Breaking: DOJ Charges North Korean Bank Insider in Major Crypto-Laundering Operation

The U.S. Department of Justice (DoJ) has filed charges against a representative of North Korea’s Foreign Trade Bank (FTB) for conspiring to launder significant sums of money in cryptocurrency in order to avoid U.S. economic sanctions against Pyongyang. According to the DoJ, the funds were used to finance the nuclear proliferation activities of the Democratic People’s Republic of Korea (DPRK). This move is the latest in a series of actions taken by the U.S. government to monitor and regulate digital currency, as it becomes an increasingly popular channel for illegal transactions.

In response to the continued development of its nuclear program, the U.S. has imposed strict sanctions against North Korea, cutting off funding intended to finance the production and development of weapons of mass destruction. However, the use of cryptocurrency has provided the North Korean government with an alternative means to raise large sums of money by bypassing traditional financial systems.

The FTB representative, a North Korean citizen, is alleged to have played an integral part in promoting the integration of blockchain technology into North Korea’s financial sector for the purpose of money laundering. The DoJ maintains that through multiple cryptocurrency-related transactions, he was able to launder large amounts of money, which were subsequently used to fund the development and manufacturing of nuclear weapons.

These allegations come as a reminder of the persistent threat posed by cryptocurrency to global financial security, as well as the ongoing challenge faced by governments and regulatory bodies in controlling its use. Illicit transactions enabled by the relative anonymity of digital currencies undermine traditional regulatory frameworks, making it difficult for authorities to track and penalize their usage.

The case against the North Korean representative provides an opportunity to re-examine the role of cryptocurrency in a broader context. While many components of the international community may view it as a valuable tool in promoting financial inclusion and circumventing the stranglehold of traditional banking systems, its potential for abuse cannot be ignored. The use of digital currencies for the financing of terrorism, arms proliferation, and money laundering raises serious questions concerning the role they play in conflict dynamics and exacerbates the difficulties faced by law enforcement and regulatory authorities in addressing such issues.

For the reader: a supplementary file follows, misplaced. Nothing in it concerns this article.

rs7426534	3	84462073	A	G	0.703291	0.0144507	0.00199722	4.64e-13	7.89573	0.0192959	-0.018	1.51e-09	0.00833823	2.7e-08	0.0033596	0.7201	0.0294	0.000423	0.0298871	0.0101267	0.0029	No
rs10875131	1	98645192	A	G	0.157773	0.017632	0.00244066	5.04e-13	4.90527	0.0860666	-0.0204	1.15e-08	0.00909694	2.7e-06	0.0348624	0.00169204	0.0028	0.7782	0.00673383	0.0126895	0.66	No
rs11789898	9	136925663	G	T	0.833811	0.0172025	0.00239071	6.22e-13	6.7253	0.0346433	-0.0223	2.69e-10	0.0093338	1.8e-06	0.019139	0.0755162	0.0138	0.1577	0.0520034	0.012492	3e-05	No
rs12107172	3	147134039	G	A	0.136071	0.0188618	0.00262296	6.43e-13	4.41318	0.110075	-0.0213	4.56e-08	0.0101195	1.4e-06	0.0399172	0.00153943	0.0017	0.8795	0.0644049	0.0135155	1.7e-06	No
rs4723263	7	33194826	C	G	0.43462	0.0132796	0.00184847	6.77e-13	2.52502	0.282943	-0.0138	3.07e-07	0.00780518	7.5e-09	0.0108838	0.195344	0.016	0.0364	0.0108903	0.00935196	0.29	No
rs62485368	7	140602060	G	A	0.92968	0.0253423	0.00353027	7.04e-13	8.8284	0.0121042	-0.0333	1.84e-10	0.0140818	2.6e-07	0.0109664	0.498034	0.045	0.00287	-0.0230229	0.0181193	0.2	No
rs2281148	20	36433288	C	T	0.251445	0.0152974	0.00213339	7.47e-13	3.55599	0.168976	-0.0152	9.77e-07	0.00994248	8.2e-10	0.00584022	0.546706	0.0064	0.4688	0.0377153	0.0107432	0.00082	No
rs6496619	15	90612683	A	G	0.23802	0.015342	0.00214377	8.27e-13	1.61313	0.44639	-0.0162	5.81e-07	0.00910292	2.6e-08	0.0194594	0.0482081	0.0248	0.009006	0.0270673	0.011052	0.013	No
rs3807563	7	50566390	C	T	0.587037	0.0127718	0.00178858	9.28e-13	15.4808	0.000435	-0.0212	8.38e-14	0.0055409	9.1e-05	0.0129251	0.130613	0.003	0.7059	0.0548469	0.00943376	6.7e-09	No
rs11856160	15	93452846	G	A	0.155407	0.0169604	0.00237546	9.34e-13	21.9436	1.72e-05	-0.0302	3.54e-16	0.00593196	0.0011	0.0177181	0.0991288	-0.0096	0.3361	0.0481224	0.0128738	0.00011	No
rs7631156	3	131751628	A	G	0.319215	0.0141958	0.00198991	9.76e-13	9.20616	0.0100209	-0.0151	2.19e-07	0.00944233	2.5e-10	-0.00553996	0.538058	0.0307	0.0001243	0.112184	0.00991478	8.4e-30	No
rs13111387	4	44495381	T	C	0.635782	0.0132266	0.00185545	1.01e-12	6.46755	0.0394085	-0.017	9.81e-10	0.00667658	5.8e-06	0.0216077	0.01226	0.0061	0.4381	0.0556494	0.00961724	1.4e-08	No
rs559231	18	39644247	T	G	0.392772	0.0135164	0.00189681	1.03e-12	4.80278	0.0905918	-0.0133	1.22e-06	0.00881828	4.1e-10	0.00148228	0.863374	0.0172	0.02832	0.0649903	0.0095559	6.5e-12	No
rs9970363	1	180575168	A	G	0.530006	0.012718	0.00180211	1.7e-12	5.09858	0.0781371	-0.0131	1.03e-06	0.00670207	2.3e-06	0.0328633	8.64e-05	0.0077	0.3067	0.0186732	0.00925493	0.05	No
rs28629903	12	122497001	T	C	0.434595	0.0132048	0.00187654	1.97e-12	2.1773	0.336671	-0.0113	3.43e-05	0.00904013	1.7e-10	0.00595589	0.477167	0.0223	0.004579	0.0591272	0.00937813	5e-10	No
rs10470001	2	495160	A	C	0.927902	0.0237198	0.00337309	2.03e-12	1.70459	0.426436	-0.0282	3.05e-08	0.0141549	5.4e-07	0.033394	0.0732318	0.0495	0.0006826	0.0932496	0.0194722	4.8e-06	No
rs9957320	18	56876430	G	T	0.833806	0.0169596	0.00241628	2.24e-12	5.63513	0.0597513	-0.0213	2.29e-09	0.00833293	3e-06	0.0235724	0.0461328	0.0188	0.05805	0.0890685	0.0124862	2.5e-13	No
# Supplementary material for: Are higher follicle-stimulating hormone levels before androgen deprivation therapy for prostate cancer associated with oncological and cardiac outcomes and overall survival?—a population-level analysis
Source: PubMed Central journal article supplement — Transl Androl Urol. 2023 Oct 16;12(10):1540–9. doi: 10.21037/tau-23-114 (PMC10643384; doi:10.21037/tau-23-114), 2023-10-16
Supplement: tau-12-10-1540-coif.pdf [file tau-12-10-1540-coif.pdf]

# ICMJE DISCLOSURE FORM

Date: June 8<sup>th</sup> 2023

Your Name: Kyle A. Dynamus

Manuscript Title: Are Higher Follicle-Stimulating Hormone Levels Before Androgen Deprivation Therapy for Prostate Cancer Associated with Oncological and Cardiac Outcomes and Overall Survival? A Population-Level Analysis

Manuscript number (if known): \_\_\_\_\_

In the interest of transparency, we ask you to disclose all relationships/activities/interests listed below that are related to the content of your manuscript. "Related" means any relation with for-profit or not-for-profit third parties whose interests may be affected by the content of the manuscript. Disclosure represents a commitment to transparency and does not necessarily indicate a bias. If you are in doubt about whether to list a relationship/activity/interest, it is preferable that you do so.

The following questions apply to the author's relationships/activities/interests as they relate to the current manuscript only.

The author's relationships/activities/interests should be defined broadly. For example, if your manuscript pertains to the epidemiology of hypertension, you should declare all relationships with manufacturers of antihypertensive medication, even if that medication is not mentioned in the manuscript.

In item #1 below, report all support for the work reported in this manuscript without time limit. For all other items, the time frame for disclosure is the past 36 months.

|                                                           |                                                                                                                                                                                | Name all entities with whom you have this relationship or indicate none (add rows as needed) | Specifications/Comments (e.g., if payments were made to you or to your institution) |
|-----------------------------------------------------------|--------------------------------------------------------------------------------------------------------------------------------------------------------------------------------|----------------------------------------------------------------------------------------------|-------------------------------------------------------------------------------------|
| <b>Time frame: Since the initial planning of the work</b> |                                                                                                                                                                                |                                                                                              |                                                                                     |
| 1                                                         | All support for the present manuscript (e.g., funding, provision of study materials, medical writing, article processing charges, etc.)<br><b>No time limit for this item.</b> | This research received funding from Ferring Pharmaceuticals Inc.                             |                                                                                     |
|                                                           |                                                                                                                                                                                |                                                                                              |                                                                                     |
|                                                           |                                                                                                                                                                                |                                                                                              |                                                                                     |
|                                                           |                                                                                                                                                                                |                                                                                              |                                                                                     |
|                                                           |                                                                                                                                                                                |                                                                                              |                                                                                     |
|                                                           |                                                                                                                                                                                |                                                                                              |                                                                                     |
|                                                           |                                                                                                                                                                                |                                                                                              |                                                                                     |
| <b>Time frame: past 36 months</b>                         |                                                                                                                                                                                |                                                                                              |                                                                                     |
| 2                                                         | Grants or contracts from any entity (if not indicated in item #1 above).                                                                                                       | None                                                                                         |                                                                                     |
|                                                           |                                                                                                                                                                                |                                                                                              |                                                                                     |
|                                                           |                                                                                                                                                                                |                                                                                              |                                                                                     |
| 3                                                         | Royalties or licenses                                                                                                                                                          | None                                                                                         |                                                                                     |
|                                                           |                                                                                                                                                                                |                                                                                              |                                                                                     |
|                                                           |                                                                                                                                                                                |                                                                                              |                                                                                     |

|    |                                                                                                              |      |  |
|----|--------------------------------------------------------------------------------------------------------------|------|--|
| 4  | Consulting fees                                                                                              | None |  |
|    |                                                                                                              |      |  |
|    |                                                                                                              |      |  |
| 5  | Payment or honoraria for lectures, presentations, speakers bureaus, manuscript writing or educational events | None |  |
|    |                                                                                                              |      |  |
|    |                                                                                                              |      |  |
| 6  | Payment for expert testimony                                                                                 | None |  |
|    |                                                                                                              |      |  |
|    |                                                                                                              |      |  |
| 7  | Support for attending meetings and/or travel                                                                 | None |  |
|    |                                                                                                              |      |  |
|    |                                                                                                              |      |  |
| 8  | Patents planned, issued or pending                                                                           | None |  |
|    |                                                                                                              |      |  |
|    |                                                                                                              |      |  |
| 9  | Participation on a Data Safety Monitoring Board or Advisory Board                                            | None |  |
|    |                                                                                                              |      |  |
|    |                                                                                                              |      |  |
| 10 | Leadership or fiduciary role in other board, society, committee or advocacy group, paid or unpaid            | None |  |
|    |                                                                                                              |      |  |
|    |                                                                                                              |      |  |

This is not the first time that North Korea has been implicated in engaging with digital currency for dubious purposes. In March 2020, the U.S. Department of the Treasury’s Office of Foreign Assets Control (OFAC) published a list of DPRK-aligned cryptocurrency addresses that were allegedly part of an extensive scheme to evade American sanctions. Furthermore, North Korea has frequently been accused of state-sponsored cyberattacks targeting cryptocurrency exchanges and financial institutions, often to great effect. In 2018, it was revealed that a group of hackers, known as the Lazarus Group, had successfully stolen over half a billion dollars in digital currency.

Despite increased vigilance, the arrest of the FTB representative is unlikely to signal the end of North Korea’s cryptocurrency operations. Indeed, this case only highlights the need for a comprehensive international effort to regulate the use of digital currency. The U.S. government is already taking steps to address crypto-related crime, such as the recently proposed STABLE Act, which aims to establish greater oversight on the use of stablecoins and the issuing of digital assets. However, truly effective regulation will require global cooperation, given the borderless nature of cryptocurrency networks.

Governments around the world must integrate effective regulation and security measures in the rapidly evolving digital economy to mitigate the risks posed by illicit activities. This includes increased scrutiny of transactions, a harmonization of cross-border regulations and a greater emphasis on collaboration between nations in the fight against cybercriminal activities.

Going forward, regulators must balance the potential benefits of digital currencies with the potential threats they pose. Blockchain technology offers transparency, faster transaction times, and lower fees, which can be revolutionary for global finance. However, it should be implemented with appropriate safeguards to ensure that criminal elements are preempted, and that the unique opportunities provided by these technologies are not undercut by malicious exploitation.

In conclusion, the DoJ’s indictment of an FTB representative highlights the necessity of tackling the issue of cryptocurrencies as a means of bypassing economic sanctions and financing activities that pose serious threats to global security. As the use of digital currencies becomes more widespread, it is imperative that nations work together to strengthen cybersecurity and financial systems, to ensure that necessary progress does not come at the expense of security and stability.


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